Louis Comfort Tiffany: Treasures from the Driehaus Collection
By David A. Hanks

In addition to copy-editing the catalogue as a whole, my editorial contributions include writing and editing the Director’s Preface and “Preserving Tiffany: A Collector’s Vision” by philanthropist, collector, and Driehaus Museum founder Richard H. Driehaus.

The roots of my Tiffany collection–my interpretation of what the artist and designer called the “quest of beauty”–can be traced back to the early 1970s. As a new collector, I focused on nineteenth-century posters for my apartment and for future use in a new home. Gradually my interests expanded to include works by Tiffany. I became a collector of lamps, windows, and vases, enjoying their beauty as well as the simple pleasure of owning, preserving, and eventually sharing them with others.

I am not just in search of masterpieces or rare works. Instead, I pursue an object that strikes me as arresting, with powerful imagery, a sense of drama, and rich, vibrant colors.

I am always on the lookout for great works of art by Tiffany. When lit well,  a stained-glass window can be incredibly powerful. Because light is transmitted through glass and not reflected off it, the window glows in a way a canvas never can. The light shifting within the various layers of glass has a soulful quality unmatched in other media. It creates a greater intimacy between the object and observer.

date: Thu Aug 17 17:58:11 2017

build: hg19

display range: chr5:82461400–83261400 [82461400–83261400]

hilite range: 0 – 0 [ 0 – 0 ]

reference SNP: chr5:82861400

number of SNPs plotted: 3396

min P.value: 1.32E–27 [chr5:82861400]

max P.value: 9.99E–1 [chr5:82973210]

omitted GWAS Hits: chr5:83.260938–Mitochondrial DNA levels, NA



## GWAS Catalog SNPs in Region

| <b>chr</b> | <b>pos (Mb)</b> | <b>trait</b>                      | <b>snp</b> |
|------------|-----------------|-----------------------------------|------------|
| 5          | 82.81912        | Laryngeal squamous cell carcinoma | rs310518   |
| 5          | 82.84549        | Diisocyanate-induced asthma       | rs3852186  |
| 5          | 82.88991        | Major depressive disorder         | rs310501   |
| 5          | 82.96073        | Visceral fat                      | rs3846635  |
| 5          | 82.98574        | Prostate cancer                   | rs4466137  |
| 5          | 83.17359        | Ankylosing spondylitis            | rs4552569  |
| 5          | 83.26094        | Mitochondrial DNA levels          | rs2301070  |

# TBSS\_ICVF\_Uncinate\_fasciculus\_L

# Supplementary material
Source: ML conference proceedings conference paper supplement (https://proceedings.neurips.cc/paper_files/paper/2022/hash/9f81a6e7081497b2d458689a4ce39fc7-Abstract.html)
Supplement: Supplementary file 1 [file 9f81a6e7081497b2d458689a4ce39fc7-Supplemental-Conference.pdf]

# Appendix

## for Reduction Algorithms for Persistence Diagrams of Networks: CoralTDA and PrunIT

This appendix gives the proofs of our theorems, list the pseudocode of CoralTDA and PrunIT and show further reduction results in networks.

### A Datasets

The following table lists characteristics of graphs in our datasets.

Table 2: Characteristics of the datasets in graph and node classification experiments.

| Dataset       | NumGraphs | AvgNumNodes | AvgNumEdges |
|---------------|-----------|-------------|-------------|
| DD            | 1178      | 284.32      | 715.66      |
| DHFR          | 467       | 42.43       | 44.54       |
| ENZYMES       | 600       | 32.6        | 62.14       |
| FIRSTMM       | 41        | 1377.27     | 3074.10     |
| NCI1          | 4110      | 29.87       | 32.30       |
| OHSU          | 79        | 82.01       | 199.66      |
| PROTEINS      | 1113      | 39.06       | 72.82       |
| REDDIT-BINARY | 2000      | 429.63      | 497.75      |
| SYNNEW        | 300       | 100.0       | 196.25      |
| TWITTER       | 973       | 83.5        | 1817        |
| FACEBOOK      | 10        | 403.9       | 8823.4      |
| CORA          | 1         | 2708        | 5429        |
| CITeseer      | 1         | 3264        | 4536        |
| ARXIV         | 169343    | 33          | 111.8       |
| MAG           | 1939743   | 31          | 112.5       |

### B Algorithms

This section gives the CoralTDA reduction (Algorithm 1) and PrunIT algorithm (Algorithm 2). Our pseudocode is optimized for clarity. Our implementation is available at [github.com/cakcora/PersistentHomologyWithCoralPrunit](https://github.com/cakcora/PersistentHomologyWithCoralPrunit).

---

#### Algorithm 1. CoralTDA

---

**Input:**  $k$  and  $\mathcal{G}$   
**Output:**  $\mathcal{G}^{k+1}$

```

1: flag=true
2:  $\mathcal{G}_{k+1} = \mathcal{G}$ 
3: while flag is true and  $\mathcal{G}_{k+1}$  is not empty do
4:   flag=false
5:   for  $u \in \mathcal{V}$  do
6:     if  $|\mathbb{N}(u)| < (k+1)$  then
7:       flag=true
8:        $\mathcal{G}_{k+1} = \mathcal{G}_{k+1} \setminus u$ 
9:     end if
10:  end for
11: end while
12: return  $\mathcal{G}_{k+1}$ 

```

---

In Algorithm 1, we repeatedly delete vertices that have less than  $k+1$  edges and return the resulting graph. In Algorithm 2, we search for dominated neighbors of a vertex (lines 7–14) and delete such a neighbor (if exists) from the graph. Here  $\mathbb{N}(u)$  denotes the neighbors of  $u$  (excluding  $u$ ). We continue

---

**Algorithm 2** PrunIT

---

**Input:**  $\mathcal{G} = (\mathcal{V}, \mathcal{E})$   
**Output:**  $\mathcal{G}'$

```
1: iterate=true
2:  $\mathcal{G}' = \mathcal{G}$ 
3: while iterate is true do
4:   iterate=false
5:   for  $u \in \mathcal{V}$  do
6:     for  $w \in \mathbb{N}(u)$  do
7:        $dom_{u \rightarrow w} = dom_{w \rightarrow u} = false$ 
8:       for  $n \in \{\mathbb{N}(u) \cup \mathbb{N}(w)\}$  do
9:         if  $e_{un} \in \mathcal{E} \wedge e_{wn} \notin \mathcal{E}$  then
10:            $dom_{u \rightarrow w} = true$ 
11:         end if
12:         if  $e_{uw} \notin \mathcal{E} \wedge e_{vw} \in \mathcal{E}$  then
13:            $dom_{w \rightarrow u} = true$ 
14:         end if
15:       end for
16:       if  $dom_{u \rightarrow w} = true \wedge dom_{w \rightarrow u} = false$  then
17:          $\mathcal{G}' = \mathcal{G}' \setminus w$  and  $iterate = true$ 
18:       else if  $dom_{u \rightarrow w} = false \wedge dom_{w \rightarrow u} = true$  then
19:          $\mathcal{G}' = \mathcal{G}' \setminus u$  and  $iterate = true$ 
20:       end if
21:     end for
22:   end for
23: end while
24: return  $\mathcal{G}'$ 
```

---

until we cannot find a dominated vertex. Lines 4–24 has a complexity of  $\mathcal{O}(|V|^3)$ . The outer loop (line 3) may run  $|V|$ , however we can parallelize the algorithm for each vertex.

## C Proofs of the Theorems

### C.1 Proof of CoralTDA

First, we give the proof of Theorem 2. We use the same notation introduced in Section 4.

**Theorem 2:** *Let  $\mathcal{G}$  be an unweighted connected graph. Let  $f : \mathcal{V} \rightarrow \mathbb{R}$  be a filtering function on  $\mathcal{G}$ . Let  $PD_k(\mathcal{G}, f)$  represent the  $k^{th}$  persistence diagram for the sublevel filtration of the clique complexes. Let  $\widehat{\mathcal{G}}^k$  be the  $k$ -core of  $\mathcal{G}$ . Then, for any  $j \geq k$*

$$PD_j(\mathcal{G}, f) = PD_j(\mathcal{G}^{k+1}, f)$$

Thanks to the wide exposure and critical acclaim Tiffany received at the [World’s Columbian] Exposition, [Tiffany Glass & Decorating Company] won a number of important commissions in Chicago. As David Hanks describes in his essay, these include the mosaic frieze in the superbly restored Marquette Building atrium, the so-called Tiffany Dome, actually vaulting, at Marshall Field’s (now Macy’s) at State Street, the magnificent glass dome at the Chicago Cultural Center (originally the Chicago Public Library), and the stained glass dome at the Art Institute of Chicago’s Fullerton Hall.

I collect with a passion for preservation, purchasing works that inspire, are significant historically, or represent an important piece of Chicago.

Opened in 2008, the [Driehaus Museum] perfectly unifies my twin passions for architectural preservation and the decorative arts. … The galleries, formerly the grand rooms in which the families entertained, illustrate the type of environment one might have experienced firsthand during the Gilded Age, with a Chickering & Sons piano, Tiffany fireplace screens, lamps, and Pre-Raphaelite Victorian paintings.

My first experience of visiting the restored building with the collections so carefully arranged was unforgettable and yet indescribable. It is this very ineffability that makes it truly special. The space is somewhat like a book one reads slowly while cherishing every moment spent inside the story.


–Excerpts from “Preservating Tiffany: A Collector’s Vision,” Richard H. Driehaus, Louis Comfort Tiffany: Treasures from the Driehaus Collection (The Monacelli Press, 2013).

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